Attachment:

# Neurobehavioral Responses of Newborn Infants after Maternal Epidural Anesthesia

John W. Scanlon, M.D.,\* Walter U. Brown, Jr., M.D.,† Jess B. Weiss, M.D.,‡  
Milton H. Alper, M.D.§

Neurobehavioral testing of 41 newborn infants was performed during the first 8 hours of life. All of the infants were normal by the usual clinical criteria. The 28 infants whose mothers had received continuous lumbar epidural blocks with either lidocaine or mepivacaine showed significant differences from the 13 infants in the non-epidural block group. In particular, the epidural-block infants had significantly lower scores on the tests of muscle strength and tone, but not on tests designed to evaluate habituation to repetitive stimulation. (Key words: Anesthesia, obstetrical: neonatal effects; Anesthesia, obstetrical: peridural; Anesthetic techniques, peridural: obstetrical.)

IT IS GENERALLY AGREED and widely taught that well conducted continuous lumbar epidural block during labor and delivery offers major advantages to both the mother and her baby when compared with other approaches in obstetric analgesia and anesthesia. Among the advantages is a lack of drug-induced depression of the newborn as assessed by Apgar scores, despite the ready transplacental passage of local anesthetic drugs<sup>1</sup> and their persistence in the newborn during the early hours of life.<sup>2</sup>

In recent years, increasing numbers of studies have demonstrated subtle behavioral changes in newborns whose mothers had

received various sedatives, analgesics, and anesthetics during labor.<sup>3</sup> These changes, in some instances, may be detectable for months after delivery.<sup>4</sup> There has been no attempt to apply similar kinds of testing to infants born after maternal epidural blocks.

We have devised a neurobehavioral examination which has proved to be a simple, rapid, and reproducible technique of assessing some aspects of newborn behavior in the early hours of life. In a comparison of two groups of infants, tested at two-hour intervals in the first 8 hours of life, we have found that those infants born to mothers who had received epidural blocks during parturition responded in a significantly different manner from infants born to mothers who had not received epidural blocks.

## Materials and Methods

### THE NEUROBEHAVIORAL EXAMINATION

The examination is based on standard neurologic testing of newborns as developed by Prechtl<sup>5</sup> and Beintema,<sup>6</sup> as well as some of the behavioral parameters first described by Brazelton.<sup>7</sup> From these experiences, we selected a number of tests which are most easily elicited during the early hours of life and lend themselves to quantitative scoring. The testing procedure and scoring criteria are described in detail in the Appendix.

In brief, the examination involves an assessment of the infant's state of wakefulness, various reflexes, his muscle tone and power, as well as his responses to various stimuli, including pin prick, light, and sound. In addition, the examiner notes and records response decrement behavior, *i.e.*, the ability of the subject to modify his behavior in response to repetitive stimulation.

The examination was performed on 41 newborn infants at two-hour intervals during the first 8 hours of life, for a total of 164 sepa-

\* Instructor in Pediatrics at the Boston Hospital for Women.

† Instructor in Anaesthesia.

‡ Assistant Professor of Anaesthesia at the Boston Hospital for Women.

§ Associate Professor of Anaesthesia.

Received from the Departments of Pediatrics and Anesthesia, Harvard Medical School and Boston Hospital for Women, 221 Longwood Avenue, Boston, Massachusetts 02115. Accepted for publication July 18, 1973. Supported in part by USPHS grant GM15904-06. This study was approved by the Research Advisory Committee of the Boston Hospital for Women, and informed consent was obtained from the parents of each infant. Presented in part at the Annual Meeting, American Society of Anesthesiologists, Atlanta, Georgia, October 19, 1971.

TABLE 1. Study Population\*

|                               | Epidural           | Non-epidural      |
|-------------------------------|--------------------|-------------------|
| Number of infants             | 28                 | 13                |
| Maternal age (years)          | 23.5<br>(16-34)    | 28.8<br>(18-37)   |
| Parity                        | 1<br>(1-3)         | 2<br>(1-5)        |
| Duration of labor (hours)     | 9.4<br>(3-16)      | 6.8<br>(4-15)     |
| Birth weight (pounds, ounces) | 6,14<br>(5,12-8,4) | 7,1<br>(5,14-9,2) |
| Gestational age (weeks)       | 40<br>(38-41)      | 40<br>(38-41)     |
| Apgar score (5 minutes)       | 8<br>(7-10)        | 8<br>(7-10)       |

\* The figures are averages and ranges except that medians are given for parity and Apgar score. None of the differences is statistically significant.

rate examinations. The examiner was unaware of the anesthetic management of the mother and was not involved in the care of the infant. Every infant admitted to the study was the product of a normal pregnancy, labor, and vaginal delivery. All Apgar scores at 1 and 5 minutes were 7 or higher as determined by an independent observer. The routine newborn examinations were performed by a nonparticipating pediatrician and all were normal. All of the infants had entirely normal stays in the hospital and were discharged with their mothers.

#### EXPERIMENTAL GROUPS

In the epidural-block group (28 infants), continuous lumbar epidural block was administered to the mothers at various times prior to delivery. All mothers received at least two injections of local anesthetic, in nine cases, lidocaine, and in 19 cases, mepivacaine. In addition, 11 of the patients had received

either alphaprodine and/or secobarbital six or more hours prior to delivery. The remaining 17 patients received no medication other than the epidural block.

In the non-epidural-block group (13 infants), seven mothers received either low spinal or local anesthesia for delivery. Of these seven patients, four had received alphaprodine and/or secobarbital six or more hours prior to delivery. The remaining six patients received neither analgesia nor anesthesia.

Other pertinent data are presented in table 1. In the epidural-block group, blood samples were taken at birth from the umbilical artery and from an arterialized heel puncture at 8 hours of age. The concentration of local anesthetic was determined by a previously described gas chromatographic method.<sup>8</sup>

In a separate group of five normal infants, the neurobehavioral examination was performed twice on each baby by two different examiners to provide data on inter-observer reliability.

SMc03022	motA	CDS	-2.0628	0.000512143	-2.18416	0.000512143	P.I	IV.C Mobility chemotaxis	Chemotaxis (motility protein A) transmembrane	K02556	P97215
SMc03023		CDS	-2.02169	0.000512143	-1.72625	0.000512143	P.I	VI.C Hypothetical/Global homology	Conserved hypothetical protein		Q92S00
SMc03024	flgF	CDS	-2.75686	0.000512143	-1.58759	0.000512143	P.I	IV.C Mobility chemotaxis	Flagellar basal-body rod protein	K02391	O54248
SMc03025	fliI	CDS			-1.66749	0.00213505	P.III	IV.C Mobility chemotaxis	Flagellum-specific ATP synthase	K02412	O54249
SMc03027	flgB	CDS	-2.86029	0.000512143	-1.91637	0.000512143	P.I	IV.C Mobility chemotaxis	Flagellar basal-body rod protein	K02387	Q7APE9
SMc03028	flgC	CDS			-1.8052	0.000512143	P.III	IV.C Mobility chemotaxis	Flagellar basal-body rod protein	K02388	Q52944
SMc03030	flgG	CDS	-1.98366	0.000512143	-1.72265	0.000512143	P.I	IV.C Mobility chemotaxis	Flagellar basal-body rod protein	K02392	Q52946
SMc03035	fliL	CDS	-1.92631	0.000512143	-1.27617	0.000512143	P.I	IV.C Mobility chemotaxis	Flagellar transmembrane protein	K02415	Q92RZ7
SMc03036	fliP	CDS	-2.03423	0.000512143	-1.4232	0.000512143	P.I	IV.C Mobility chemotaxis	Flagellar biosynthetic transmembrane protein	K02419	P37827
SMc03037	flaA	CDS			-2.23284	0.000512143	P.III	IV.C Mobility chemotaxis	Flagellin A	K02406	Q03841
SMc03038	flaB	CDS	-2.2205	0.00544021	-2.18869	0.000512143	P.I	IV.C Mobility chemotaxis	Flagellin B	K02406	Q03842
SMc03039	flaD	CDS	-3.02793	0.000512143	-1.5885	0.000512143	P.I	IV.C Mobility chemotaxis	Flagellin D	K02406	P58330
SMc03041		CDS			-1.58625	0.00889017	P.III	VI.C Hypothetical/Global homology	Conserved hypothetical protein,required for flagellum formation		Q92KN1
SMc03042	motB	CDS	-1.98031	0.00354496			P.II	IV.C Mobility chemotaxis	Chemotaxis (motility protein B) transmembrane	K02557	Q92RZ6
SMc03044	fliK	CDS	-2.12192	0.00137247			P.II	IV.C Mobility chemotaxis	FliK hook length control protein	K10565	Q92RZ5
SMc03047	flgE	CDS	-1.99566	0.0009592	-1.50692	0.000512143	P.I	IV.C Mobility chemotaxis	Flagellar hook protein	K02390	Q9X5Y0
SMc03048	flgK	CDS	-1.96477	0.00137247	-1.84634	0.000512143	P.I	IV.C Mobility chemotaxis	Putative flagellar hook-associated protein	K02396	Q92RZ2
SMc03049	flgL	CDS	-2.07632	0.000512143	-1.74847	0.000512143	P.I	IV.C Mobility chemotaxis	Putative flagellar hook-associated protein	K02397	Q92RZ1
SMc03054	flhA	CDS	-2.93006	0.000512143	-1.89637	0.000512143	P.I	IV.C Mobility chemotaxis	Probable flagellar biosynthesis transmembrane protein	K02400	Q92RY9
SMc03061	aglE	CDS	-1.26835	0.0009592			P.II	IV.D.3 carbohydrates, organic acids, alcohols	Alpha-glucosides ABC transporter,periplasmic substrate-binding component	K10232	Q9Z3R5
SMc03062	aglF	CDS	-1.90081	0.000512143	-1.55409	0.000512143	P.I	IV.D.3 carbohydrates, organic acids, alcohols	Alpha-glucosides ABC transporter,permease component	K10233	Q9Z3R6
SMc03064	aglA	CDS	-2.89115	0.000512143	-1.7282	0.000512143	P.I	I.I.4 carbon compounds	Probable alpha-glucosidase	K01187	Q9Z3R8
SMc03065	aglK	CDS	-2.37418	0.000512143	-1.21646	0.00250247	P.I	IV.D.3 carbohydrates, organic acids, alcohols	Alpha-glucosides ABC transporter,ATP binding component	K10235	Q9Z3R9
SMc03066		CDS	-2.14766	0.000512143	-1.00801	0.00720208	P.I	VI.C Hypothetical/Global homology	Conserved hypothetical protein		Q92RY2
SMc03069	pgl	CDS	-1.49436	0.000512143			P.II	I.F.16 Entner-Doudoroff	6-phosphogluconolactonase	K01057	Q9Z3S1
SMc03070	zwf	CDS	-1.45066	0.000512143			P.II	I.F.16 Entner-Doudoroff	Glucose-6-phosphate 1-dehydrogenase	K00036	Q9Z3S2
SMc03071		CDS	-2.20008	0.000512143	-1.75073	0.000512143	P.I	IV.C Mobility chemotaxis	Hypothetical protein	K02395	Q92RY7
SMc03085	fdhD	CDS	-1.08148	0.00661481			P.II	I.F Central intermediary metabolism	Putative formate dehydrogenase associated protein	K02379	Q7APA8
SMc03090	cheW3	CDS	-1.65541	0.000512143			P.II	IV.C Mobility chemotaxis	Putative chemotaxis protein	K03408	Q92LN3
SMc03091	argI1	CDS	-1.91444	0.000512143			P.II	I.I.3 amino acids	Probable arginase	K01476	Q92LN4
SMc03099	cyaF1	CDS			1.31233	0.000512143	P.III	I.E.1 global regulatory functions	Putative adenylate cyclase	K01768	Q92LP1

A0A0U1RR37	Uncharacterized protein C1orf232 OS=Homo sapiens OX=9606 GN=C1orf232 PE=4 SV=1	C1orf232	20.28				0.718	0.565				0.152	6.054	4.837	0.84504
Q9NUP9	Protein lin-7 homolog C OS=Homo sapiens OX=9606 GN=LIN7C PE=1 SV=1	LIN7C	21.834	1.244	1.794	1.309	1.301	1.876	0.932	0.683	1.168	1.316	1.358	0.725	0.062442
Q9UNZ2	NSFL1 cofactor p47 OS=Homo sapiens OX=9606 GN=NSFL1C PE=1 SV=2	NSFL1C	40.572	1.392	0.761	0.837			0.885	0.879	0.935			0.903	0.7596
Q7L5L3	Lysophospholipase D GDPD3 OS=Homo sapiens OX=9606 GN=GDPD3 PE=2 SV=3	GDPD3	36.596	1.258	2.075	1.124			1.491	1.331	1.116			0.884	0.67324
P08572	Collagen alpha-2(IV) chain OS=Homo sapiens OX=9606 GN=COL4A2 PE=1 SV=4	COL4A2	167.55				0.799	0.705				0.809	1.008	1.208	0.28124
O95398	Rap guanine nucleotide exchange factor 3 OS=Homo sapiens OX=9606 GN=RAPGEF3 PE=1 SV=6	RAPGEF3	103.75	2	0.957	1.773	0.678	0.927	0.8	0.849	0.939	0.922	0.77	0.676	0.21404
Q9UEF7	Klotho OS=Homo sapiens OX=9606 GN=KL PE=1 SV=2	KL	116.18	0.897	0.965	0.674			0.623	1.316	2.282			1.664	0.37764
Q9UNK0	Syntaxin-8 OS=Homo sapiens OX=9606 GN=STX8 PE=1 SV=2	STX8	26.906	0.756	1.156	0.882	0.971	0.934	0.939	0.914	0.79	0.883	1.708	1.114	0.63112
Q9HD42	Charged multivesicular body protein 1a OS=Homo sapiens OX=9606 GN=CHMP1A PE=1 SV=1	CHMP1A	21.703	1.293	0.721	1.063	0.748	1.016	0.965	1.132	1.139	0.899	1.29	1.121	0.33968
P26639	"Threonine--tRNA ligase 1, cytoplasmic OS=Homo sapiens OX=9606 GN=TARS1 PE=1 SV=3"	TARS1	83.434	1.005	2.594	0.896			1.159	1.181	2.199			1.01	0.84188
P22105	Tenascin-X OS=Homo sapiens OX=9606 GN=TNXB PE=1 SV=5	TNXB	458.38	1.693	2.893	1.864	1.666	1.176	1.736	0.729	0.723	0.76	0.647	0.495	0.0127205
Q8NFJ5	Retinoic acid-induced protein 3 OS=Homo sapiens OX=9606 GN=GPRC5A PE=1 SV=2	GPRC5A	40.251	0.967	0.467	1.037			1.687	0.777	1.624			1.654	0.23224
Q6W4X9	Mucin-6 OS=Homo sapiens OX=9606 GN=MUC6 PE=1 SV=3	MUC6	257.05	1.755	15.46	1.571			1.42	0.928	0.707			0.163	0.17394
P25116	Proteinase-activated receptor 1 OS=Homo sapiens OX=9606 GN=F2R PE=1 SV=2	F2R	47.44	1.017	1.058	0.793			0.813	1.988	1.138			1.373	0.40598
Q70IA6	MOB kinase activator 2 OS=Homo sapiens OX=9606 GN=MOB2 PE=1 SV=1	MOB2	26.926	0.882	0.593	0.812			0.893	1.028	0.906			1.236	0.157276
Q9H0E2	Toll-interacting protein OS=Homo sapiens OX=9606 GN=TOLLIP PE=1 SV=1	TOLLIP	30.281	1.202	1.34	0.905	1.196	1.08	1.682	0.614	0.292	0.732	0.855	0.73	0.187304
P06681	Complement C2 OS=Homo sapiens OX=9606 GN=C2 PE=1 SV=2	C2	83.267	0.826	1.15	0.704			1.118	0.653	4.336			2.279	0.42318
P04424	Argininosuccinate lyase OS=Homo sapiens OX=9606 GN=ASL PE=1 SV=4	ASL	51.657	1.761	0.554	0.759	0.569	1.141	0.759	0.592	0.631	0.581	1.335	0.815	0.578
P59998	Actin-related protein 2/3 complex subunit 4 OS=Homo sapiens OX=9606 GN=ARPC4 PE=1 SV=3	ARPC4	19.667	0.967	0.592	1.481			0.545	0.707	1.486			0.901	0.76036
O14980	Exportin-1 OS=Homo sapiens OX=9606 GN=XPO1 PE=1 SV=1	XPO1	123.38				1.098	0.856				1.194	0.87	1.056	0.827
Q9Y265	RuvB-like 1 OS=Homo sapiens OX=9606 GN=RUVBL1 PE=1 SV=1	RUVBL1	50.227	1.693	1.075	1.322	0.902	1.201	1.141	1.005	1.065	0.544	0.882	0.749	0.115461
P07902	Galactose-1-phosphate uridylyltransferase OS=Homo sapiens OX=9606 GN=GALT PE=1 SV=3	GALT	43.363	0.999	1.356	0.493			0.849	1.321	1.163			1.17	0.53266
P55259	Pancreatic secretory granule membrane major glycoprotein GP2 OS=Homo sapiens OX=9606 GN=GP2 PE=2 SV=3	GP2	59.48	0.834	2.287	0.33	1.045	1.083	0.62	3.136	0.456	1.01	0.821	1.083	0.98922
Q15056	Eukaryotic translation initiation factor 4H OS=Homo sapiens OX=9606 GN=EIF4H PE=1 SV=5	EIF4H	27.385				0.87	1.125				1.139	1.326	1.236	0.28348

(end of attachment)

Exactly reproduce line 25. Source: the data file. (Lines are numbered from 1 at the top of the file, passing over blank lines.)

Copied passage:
| Duration of labor (hours)     | 9.4<br>(3-16)      | 6.8<br>(4-15)     |